Last year, snake handler Greg Shannon made headlines across Australia after he captured a 5-meter-long scrub python near the town of Ingham, Queensland. For most of us, grabbing a snake by the tail isn’t an option that comes to mind when confronted with one—nor should it be. You wouldn’t like it if someone you didn’t know picked you up by the ankles and took photos of the incident, so why would a snake?
However, Christmas season in the Southern Hemisphere brings with it warm weather and an abundance of snakes—which means you should prepare yourself now rather than later!
If you do find a snake on your property, don’t panic! Stay calm to ensure your own safety as well as the animal’s. Here are some other tips:
- If left alone, snakes will usually go away.
- Never try to kill or catch a snake. You will likely be unsuccessful because snakes can move very quickly, and by threatening them, you might provoke them to bite. It can also be a crime to harm or kill a snake, as they are protected by law in many countries.
- Snakes, just like all wildlife, should be left alone when encountered and not aggravated.
Simply stand still or walk away.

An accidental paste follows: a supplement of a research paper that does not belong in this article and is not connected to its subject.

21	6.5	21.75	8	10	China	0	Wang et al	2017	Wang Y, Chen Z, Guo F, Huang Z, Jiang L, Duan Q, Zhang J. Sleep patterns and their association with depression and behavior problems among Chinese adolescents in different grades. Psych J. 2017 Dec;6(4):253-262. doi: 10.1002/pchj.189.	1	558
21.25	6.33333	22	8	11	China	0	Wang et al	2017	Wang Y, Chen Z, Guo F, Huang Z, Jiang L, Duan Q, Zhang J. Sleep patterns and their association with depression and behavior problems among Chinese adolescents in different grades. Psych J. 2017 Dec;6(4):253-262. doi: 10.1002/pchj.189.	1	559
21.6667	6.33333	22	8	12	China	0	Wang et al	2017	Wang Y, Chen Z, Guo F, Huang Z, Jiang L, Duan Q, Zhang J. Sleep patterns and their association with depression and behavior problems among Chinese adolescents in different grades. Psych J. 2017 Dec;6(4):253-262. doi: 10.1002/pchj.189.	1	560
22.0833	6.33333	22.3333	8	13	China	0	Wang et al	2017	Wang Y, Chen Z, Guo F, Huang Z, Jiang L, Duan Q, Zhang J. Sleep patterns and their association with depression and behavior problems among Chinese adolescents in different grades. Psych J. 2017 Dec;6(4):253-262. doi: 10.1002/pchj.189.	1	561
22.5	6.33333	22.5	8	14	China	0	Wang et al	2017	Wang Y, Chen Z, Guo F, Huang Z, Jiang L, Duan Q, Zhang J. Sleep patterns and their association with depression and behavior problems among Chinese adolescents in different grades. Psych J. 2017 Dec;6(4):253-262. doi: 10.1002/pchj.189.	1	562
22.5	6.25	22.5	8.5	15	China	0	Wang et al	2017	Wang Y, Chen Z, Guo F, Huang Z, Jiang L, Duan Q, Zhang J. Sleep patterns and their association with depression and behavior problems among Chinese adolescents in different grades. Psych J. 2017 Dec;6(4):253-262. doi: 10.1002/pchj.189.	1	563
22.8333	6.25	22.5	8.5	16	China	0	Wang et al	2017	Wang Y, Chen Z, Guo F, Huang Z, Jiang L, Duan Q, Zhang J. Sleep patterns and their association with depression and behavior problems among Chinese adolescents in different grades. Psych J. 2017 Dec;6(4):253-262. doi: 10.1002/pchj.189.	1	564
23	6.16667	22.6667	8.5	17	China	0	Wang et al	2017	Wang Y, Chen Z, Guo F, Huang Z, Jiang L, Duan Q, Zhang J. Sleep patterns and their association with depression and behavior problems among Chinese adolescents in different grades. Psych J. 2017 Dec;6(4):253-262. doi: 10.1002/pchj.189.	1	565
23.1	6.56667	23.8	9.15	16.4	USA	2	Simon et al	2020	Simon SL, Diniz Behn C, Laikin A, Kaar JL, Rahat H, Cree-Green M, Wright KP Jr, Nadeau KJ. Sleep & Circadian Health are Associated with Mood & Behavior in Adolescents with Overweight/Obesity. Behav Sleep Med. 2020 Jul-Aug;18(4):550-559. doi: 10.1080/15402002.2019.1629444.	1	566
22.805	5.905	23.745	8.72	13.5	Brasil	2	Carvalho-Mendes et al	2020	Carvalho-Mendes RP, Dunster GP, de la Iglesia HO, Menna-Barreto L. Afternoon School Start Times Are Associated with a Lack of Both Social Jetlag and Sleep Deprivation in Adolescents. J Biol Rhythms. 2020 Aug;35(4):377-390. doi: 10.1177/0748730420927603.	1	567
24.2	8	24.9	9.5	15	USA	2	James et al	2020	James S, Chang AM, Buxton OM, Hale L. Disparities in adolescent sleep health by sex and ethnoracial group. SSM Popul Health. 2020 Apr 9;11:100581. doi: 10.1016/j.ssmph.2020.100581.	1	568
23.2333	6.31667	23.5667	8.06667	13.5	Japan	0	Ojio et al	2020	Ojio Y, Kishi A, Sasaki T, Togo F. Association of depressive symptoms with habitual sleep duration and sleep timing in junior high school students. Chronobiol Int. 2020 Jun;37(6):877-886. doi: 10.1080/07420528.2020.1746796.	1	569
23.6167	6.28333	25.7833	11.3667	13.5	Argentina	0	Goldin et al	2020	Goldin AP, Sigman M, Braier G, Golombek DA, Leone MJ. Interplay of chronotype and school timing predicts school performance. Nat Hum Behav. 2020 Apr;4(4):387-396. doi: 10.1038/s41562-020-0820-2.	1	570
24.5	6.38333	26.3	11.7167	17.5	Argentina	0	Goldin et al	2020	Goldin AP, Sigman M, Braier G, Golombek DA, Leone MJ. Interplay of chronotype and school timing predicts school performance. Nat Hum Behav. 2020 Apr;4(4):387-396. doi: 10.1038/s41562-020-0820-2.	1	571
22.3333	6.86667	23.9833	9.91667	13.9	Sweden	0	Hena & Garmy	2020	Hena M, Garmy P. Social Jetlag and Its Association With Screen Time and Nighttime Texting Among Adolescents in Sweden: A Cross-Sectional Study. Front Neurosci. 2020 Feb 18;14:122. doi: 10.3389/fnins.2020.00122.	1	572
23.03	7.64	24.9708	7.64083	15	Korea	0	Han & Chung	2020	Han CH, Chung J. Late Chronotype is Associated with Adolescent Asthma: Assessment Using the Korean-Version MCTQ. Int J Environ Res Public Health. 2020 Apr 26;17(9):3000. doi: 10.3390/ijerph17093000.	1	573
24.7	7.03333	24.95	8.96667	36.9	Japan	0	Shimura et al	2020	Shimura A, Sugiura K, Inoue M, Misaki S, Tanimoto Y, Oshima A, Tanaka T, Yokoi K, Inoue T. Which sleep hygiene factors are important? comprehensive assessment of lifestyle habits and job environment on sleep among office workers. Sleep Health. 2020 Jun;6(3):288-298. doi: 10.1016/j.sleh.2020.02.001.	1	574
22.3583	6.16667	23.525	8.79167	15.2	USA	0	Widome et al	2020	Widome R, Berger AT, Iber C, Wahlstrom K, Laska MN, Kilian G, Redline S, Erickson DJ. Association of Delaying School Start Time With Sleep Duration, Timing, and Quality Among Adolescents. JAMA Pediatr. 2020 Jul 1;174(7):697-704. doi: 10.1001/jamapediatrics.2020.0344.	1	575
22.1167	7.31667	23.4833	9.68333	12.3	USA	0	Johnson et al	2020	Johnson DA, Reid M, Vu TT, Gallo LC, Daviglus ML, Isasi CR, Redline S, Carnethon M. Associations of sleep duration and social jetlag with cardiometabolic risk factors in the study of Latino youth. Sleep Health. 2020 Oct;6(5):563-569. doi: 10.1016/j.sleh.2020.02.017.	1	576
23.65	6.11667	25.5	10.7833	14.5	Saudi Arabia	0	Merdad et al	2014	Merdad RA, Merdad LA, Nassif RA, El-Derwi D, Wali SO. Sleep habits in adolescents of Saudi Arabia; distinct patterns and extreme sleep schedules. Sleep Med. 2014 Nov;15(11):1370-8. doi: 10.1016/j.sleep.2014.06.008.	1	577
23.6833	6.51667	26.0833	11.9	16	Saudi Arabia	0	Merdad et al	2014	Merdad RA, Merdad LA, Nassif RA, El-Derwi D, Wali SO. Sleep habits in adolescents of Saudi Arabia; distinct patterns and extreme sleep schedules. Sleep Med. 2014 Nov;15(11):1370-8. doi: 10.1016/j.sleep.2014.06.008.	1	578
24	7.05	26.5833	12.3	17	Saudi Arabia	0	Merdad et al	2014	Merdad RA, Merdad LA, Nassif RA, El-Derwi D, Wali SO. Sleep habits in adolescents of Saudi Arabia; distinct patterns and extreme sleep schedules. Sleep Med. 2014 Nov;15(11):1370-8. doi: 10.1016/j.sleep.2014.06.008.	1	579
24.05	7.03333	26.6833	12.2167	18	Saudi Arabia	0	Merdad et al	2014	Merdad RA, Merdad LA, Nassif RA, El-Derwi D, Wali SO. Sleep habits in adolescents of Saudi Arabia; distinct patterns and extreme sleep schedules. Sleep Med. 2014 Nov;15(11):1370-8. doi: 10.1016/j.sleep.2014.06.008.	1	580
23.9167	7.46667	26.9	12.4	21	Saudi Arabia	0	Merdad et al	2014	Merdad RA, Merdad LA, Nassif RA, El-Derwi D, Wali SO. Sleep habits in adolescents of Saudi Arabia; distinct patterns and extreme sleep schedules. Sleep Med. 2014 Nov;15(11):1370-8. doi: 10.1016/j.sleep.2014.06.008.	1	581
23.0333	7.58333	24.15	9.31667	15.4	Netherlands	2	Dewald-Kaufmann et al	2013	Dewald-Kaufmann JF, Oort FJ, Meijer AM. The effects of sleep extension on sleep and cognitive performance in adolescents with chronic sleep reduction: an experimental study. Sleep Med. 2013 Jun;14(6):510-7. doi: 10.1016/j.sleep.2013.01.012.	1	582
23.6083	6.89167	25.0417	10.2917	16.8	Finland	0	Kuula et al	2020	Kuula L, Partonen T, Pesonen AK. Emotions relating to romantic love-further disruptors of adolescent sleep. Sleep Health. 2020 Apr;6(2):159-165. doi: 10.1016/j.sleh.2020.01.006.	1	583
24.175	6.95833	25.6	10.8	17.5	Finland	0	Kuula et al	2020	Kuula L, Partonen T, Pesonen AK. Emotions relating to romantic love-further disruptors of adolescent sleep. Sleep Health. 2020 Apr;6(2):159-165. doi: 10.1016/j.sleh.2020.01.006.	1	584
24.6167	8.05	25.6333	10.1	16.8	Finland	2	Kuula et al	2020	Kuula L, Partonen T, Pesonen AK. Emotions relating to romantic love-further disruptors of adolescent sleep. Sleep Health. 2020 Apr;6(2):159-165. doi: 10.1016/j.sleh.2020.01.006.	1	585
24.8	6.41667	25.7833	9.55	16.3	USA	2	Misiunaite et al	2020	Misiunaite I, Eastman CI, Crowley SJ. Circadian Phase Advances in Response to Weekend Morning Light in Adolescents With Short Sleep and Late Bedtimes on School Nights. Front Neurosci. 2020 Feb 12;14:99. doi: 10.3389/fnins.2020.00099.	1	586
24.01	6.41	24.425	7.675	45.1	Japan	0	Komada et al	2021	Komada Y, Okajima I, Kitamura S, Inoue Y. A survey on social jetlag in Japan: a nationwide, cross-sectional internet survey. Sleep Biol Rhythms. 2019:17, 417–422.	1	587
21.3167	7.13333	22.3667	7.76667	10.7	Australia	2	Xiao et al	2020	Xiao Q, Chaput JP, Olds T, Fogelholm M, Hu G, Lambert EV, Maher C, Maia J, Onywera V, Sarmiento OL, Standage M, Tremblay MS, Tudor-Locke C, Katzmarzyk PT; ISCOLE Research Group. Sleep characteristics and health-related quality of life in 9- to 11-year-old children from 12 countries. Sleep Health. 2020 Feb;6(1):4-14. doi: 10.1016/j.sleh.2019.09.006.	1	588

We must remember that although not cute and cuddly, snakes are an essential part of ecosystems around the globe. They can be found anywhere from the backyard to the beach. But you can help keep your home snake-free by taking the following steps to make your property unappealing to them:
- Clear away rubbish, keep gardens tidy, and cut grass low. Snakes like long grass and piles of wood in which they can hide.
- Store wood and other building materials away from the house.
- If you keep extra food and water bowls outside for companion animals, place them away from the house, as these can attract snakes’ prey.
After all, prevention is better than the cure, right? So rather than keeping a bottle of anti-venom handy, take our advice and stop snakes from dropping by in the first place!
Posted by Jason Baker